attached to obtain the desired acetabular surface. Use the transverse ligament as a landmark (Fig. 13). Ream 1-2 mm less than the pre-operative templated cup (depending on
bone quality) to achieve the desired press-fit.
Figure 14
Figure 15
A Pinnacle™ Trial Shell is threaded to the connector of the acetabular inserter. It is then impacted (Fig. 14). The orientation can be checked with the external alignment guide in
addition to natural landmarks such as the transverse ligament. The Pinnacle™ Trial Shell is used to visualise the quality of the reaming and the coverage of the acetabular rim.
Once confirmed the correct size the definitive Pinnacle™ Shell is threaded to the connector of the acetabular inserter. In specific Pinnacle™ Shells the fixation holes can be
orientated with the inserter handle. Before the definitive Pinnacle™ Shell is introduced, irrigate and clean the cavity. The Pinnacle™ Shell is then impacted with the acetabular
inserter (Fig. 15). Clean the face of the shell so as not to impede trial liner seating. The definitive bearing is then introduced. Please refer to the Pinnacle™ Surgical technique for
full details (cat no: 9069-80-050).
Figure 16
Following acetabular preparation and implantation (a), the leg is flexed, abducted, externally rotated (b) and placed in a specific sterile wrapping (c) (Fig. 16).
Figure 17
Figure 18
Use the Corail® broaches to create the adequate femoral cavity by compacting the cancellous bone. To avoid varus positioning, it is important to enter the femoral canal as lateral
as possible. Use a chisel or the Corail® curette to complete this initial check (Fig. 17). Begin with the smallest broach attached to the broach handle and increase the size of
broaches one at a time. Stop broaching when axial and rotational stability are achieved in order to preserve cancellous bone and encourage osteointegration (Fig. 18).
The anteversion is automatically set by the anatomy of the femur. Please refer to the Corail® Surgical technique for full details (cat no: 9066-35-001).
Figure 19
Figure 20
With the last broach in situ, attach the selected neck and femoral head trials (Fig. 19) and reduce the hip. When desired stability is achieved, remove the broach, the femoral head
and neck trials. Do not irrigate or dry the femoral canal. This will help to preserve the quality of the compacted cancellous bone that encourages osteointegration. Insert the Corail ®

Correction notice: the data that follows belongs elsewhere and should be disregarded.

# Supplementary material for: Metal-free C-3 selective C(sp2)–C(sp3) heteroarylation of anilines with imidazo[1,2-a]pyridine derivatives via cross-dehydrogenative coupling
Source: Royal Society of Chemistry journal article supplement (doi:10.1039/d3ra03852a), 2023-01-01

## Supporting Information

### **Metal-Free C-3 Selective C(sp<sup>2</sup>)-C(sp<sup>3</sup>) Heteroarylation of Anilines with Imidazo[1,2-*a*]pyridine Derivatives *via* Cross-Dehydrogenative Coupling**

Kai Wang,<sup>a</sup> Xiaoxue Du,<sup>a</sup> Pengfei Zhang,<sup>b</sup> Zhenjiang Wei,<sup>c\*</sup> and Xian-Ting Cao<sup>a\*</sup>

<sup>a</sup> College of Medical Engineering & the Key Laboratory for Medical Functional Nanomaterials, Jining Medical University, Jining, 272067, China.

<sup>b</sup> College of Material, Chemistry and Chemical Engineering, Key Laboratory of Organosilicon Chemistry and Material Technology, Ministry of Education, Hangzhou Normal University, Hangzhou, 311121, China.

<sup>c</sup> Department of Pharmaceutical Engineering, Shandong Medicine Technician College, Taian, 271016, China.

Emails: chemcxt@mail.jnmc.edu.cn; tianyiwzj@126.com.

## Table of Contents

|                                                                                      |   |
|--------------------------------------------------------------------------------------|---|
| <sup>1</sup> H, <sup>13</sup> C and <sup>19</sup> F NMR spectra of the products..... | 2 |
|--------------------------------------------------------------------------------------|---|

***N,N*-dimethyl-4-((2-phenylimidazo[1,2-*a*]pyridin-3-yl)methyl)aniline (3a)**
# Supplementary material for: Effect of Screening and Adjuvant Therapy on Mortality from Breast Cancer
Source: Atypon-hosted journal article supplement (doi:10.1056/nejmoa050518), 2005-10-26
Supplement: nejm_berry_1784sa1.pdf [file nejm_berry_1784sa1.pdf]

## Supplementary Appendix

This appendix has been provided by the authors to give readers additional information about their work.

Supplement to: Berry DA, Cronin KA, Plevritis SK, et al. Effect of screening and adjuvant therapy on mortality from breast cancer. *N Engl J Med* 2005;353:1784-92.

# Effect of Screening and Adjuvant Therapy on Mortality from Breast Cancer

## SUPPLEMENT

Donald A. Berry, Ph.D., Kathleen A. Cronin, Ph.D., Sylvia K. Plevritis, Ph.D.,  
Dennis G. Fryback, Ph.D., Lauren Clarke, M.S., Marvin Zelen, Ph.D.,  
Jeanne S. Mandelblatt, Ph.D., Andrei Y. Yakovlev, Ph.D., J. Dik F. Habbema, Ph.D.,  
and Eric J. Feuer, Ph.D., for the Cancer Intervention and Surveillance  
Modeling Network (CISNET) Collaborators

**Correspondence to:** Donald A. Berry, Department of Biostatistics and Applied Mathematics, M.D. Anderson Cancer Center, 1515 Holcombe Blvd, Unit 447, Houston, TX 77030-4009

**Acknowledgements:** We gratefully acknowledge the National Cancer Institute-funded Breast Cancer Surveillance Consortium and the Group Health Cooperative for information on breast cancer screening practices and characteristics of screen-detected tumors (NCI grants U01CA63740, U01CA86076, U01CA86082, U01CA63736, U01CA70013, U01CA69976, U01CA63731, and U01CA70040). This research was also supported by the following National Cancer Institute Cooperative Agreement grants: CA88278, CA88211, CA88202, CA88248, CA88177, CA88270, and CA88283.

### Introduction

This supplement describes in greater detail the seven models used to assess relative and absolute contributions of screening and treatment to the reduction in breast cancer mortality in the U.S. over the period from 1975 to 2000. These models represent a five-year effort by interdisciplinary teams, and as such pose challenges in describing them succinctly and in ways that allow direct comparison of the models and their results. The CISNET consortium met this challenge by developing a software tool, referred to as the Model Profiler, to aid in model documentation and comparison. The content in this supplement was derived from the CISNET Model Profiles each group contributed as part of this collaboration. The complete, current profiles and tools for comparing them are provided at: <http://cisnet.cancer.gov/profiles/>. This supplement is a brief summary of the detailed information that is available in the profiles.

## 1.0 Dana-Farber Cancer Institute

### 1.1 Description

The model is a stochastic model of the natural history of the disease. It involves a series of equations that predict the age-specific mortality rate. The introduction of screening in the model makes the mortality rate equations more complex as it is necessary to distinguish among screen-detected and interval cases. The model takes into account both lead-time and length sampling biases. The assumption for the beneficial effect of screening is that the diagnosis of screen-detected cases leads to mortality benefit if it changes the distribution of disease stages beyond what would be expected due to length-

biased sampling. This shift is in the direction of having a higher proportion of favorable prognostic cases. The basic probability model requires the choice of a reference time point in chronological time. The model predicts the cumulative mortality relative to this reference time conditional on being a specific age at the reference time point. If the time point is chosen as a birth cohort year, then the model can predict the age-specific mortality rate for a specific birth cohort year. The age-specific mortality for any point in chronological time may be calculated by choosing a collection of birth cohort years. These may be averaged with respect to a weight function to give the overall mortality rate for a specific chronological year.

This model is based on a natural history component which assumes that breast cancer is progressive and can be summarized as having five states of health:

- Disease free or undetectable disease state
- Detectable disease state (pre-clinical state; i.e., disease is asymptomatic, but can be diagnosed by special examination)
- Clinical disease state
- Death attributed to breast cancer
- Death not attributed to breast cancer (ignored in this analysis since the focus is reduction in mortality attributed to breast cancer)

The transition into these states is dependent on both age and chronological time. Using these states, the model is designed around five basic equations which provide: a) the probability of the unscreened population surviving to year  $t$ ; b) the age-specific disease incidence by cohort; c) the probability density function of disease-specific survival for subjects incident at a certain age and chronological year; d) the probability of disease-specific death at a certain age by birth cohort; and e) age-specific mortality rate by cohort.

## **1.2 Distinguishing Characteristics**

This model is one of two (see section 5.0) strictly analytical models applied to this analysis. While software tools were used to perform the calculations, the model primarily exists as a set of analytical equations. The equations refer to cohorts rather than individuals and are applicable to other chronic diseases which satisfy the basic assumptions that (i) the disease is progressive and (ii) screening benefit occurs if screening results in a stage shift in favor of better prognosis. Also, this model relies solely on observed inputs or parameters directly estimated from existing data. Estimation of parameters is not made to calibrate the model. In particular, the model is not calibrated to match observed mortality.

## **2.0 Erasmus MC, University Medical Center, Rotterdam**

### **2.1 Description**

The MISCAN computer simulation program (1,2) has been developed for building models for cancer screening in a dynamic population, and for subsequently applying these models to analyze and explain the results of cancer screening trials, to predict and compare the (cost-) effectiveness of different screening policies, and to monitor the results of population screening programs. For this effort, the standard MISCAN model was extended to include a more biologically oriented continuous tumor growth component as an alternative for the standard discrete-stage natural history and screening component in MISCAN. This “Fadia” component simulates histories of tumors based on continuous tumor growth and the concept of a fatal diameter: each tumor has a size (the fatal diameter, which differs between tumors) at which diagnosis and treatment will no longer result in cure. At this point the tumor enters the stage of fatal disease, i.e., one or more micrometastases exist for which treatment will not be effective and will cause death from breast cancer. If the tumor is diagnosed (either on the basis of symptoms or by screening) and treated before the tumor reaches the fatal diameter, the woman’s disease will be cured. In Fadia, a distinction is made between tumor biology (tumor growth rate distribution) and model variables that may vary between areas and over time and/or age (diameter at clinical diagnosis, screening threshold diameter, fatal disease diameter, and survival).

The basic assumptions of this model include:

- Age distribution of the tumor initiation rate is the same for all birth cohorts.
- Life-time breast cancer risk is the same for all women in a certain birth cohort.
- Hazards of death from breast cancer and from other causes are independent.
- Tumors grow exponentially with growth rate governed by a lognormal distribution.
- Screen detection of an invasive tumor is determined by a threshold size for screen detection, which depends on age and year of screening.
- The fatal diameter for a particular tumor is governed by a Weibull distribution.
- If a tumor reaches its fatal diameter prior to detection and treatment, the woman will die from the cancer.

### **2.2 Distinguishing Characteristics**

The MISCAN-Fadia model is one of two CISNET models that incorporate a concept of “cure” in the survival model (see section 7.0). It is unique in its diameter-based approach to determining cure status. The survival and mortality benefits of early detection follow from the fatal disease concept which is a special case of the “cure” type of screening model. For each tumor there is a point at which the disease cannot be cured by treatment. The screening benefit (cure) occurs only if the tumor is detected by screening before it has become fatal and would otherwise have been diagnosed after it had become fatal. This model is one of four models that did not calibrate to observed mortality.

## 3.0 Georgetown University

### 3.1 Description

stem and impact it for the last centimetres until stability is achieved (Fig. 20). Insert the definitive femoral head on the taper of the stem and reduce the hip. Please refer to the Corail ®
surgical technique for full details (cat no: 9066-35-001).
Figure 21
Figure 22
After repositioning, the joint capsule is closed using the initial holding sutures and, if necessary, a small number of extra stitches (Fig. 21). The fascia is closed using several
stitches (Fig. 22).
Markus C. Michel
Head physician, Münsingen Orthopaedic Centre, Switzerland.
Our greatest initial difficulty was alignment of the acetabular component. Being positioned ventrally to the patient, we had to be careful to avoid too much anteversion in our cup
and we find it appropriate ream parallel to the transverse ligament.
We enter the femoral canal as lateral as we can and we make sure that we see the whole circumference of the proximal femur from the greater trochanter to the calcar.
• Being sure that we are located on the femoral neck after the capsule's preparation is important and we rotate the leg internally and externally to make sure that we are located
correctly and not on the acetabulum.
• We also split the capsule up to the acetabular rim so that we can see the labrum and the complete acetabulum once we have removed the femoral head.
• Should we need to extend the incision proximally, we do it towards the anterior superior iliac crest and not further ventrally to avoid the lateral femoral cutaneous nerve.2
Vishy Mahadevan PhD FRCS
Professor of Surgical Anatomy, Royal College of Surgeons of England, United Kingdom.
“From the perspective of a surgical anatomist, the operative approach employed for the MicroHip technique is a commendable one, and its notable advantages over other,
conventional anterior/antero-lateral approaches may be summarised as follows:
• The location of the skin incision in the MicroHip technique is such that neither the lateral femoral cutaneous nerve nor the ascending branch of the lateral circumflex artery are
at significant risk of injury.
• The surgical approach exploits an ‘internervous’ (interneural) interval to reach the capsule of the hip joint; thereby avoiding, in particular, the risk of jeopardising the nerve supply
of the hip abductors. Furthermore, as there is no division of muscle involved in this approach (the approach being not only internervous, but also ‘intermuscular’) there is a
significant reduction in post-operative pain and stiffness. This makes for greater patient compliance during post-operative physiotherapy.
• The position of the initial incision and the trajectory of the deeper dissection allow for a convenient and uncomplicated capsulotomy, and a generous exposure of the femoral
neck and head, prior to implant insertion.”
1. Smith-Petersen MN.(1949) Approach to and Exposures of the Hip Joint for Mold Arthroplasty.
J. Bone Jt. Surg. Am.; 31A: 40-46.
2. Grothaus MC, Holt M, Mekhail AO, Ebraheim NA, Yeasting RA. (2005) Lateral Femoral Cutaneous
Nerve: An Anatomic Study. Clin Orthop and Rel Res. Aug;(437):164-8.
This publication is not intended for distribution in the USA
MicroHip™ is a trademark of DePuy International Ltd.
Pinnacle™ is a trademark of DePuy Orthopaedics, Inc.
Corail® is a registered trademark of DePuy (Ireland) Ltd.
© 2006 DePuy International Limited. All rights reserved.
Cat No: 9066-35-003 version 1
DePuy International Ltd
St Anthony’s Road
Leeds LS11 8DT
Tel: +44 (113) 387 7800
Fax: +44 (113) 387 7890
Issued: 05/06